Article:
All animals are equal, but some animals are more equal than others. -Animal Farm
SOPA was just the first round of the federal government’s attempt to regulate the last bastion of freedom on earth–the internet. The inhabitants of this final frontier–the netizens–stomped this freedom grabbing bill down in the dust. Even mainstream internet destinations opposed this overstep of authority; the Google homepage urged viewers to contact their Reps and Senators about the detriments of regulating the internet. Wikipedia blacked out their pages for a day in opposition to the bill, suggesting SOPA itself would mean an effective blackout of information. Facebook was abuzz with rhetoric about preventing the government from controlling the information on the web, as they control the information on Television. But now SOPA’s sinister cousin lurks in the legislature: CISPA is the latest attempt to regulate our internet.
CISPA, by contrast [to SOPA], would allow Americans’ personal information to be vacuumed up by government agencies for cybersecurity and law enforcement purposes, as long as Internet and telecommunications companies agreed. In that respect, at least, its impact is broader. (Full Article).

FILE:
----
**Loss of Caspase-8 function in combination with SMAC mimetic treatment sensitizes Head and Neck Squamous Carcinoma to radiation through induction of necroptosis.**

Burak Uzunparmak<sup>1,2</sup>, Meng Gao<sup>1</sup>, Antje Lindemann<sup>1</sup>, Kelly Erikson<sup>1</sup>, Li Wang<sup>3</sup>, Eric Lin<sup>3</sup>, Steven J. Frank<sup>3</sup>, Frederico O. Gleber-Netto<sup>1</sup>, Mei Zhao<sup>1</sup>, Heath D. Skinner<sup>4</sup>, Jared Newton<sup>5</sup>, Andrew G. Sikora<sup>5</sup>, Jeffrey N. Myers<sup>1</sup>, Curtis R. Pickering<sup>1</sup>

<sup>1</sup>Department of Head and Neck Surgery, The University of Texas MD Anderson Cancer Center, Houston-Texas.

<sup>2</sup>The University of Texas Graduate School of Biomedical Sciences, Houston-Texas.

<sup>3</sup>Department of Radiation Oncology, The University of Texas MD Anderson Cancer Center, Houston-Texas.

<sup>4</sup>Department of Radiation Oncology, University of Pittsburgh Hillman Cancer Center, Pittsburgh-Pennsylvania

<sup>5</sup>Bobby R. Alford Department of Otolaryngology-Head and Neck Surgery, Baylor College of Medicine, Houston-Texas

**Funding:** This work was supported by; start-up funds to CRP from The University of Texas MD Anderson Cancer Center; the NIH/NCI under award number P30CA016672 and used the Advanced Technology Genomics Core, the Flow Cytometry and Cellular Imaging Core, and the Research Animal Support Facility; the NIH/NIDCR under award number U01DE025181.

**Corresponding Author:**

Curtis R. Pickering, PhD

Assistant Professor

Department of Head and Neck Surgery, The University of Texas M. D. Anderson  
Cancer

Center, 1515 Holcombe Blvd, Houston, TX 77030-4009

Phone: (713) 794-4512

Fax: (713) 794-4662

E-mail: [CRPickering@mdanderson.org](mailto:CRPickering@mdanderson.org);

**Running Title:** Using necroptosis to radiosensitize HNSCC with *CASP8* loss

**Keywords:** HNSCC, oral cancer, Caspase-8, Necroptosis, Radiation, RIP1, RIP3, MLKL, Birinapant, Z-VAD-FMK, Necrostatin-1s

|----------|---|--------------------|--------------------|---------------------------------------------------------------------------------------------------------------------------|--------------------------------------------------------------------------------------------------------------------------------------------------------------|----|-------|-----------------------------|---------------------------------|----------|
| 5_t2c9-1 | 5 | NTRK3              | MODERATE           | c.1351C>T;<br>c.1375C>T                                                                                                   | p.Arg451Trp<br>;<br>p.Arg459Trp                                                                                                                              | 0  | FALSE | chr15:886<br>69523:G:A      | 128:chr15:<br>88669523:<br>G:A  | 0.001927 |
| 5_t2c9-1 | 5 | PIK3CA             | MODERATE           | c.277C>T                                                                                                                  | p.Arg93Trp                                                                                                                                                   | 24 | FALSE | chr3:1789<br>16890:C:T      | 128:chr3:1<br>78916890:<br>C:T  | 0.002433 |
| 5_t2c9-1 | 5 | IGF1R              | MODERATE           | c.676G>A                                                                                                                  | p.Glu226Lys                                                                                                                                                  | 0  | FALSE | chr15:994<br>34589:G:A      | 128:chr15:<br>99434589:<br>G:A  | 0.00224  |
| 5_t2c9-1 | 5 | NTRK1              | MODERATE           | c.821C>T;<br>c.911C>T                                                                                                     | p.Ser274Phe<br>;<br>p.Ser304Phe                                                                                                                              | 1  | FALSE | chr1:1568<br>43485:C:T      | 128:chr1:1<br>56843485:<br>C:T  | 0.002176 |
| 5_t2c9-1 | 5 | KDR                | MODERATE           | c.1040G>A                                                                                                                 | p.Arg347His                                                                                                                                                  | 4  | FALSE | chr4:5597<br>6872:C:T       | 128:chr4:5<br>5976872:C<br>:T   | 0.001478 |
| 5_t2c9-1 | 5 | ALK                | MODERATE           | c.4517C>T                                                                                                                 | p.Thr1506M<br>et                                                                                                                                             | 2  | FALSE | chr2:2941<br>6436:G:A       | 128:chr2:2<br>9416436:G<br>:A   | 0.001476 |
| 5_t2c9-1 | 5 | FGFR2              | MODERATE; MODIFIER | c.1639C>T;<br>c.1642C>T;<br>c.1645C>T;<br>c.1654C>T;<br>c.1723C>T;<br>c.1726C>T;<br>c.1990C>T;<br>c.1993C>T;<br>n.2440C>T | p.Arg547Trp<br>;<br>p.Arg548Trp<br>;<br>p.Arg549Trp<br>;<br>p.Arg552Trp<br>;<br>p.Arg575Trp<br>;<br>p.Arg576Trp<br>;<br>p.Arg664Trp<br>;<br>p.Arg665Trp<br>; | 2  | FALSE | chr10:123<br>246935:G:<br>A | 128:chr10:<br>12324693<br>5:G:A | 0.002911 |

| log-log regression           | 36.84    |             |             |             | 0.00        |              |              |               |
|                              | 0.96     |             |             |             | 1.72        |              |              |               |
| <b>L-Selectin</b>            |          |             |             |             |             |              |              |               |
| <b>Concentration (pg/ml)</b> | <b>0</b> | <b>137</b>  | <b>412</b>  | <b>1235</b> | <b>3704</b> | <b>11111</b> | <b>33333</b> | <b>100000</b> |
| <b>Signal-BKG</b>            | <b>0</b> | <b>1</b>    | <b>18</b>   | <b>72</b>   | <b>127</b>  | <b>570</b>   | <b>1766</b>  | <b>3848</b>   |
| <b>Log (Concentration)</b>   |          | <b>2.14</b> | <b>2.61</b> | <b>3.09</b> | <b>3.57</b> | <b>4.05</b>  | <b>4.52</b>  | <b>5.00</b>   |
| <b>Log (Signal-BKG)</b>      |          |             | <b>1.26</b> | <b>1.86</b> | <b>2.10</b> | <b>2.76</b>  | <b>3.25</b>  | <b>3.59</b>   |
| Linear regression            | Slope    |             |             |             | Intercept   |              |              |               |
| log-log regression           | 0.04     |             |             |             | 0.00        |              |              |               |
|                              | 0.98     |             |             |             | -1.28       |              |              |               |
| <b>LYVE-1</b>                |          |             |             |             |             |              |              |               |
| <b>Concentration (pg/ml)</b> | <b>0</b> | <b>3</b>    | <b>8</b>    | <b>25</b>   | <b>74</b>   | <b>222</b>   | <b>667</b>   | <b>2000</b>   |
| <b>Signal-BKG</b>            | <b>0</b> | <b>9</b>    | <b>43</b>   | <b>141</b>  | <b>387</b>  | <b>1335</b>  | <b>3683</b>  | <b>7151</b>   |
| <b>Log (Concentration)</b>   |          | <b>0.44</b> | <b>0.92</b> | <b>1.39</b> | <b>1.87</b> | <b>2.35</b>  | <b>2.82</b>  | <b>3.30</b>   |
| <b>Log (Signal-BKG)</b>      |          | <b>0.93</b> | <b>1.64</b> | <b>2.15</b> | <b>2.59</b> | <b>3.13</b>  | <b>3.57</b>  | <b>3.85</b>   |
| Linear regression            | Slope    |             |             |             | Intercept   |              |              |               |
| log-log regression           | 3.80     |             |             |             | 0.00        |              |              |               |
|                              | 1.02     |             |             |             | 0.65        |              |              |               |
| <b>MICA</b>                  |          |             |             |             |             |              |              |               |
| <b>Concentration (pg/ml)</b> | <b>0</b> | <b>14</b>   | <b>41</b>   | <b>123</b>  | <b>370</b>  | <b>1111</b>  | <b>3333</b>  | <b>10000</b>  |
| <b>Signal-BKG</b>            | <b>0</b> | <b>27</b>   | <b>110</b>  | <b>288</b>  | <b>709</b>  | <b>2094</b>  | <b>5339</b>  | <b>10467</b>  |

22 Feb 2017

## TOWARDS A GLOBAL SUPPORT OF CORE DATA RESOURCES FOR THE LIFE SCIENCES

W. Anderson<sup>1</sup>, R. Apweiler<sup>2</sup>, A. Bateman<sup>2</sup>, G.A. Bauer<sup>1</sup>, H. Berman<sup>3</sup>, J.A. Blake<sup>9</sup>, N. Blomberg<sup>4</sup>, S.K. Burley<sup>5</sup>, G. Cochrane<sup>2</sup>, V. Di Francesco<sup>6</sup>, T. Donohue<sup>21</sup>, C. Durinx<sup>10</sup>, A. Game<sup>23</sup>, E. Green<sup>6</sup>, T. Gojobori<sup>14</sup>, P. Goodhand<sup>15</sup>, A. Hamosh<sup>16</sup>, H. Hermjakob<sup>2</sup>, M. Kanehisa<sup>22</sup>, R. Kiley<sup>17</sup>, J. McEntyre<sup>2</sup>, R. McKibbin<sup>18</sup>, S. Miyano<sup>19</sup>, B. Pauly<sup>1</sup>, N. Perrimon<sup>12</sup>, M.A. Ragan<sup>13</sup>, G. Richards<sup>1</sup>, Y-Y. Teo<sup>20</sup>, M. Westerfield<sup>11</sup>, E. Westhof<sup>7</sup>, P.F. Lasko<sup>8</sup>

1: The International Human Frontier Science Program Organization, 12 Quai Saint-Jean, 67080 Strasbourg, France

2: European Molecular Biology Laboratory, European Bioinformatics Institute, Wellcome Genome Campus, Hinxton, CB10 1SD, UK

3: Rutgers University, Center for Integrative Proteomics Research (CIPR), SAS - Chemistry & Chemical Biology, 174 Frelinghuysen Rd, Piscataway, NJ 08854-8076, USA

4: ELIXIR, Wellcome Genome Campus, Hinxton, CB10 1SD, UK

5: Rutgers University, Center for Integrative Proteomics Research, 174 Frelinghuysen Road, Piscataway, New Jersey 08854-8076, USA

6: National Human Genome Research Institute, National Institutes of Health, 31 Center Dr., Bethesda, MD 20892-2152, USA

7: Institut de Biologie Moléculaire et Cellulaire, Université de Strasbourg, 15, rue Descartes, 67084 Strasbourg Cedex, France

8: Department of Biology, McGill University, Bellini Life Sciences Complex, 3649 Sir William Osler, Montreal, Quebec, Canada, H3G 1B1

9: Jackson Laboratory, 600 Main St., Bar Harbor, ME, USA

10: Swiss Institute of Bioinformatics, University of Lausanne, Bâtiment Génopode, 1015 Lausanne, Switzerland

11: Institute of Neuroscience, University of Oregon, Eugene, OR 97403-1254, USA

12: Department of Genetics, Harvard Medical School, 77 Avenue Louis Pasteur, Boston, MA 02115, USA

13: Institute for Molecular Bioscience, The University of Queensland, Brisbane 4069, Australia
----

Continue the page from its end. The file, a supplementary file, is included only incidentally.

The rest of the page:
Sold as a way to increase cyber-security and assure cyber-terrorism’s demise, CISPA would give private companies and government agencies free reign to monitor and share our online activities and communications without a warrant, and without our consent. This has already passed the House of Representatives with bi-partisan support, but Republicans introduced the bill and comprised the majority of yea votes. 206 Republicans and 42 Democrats successfully passed the bill, while 28 Republicans, and 140 Democrats opposed it. The bill will now move to the Senate where majority leader Harry Reid says CISPA will be considered in the spring of 2013.
Ron Paul was one Republican House member to oppose the bill, as he generally sides with freedom and constitutional limitations on federal power. Paul writes that Libertarian minded Constitutionalists and adherents to the Austrian School of Economics especially oppose internet regulation, because never before has the information they desire been so readily available and easily shared. Many fear that regulation of the internet would be a way to silence dissent and government criticism. I would argue this is quite likely if the government is given power over the internet–just look at the news on Television these days (or lack of news). On his Congressional Website, Ron Paul warns of the dangers of CISPA.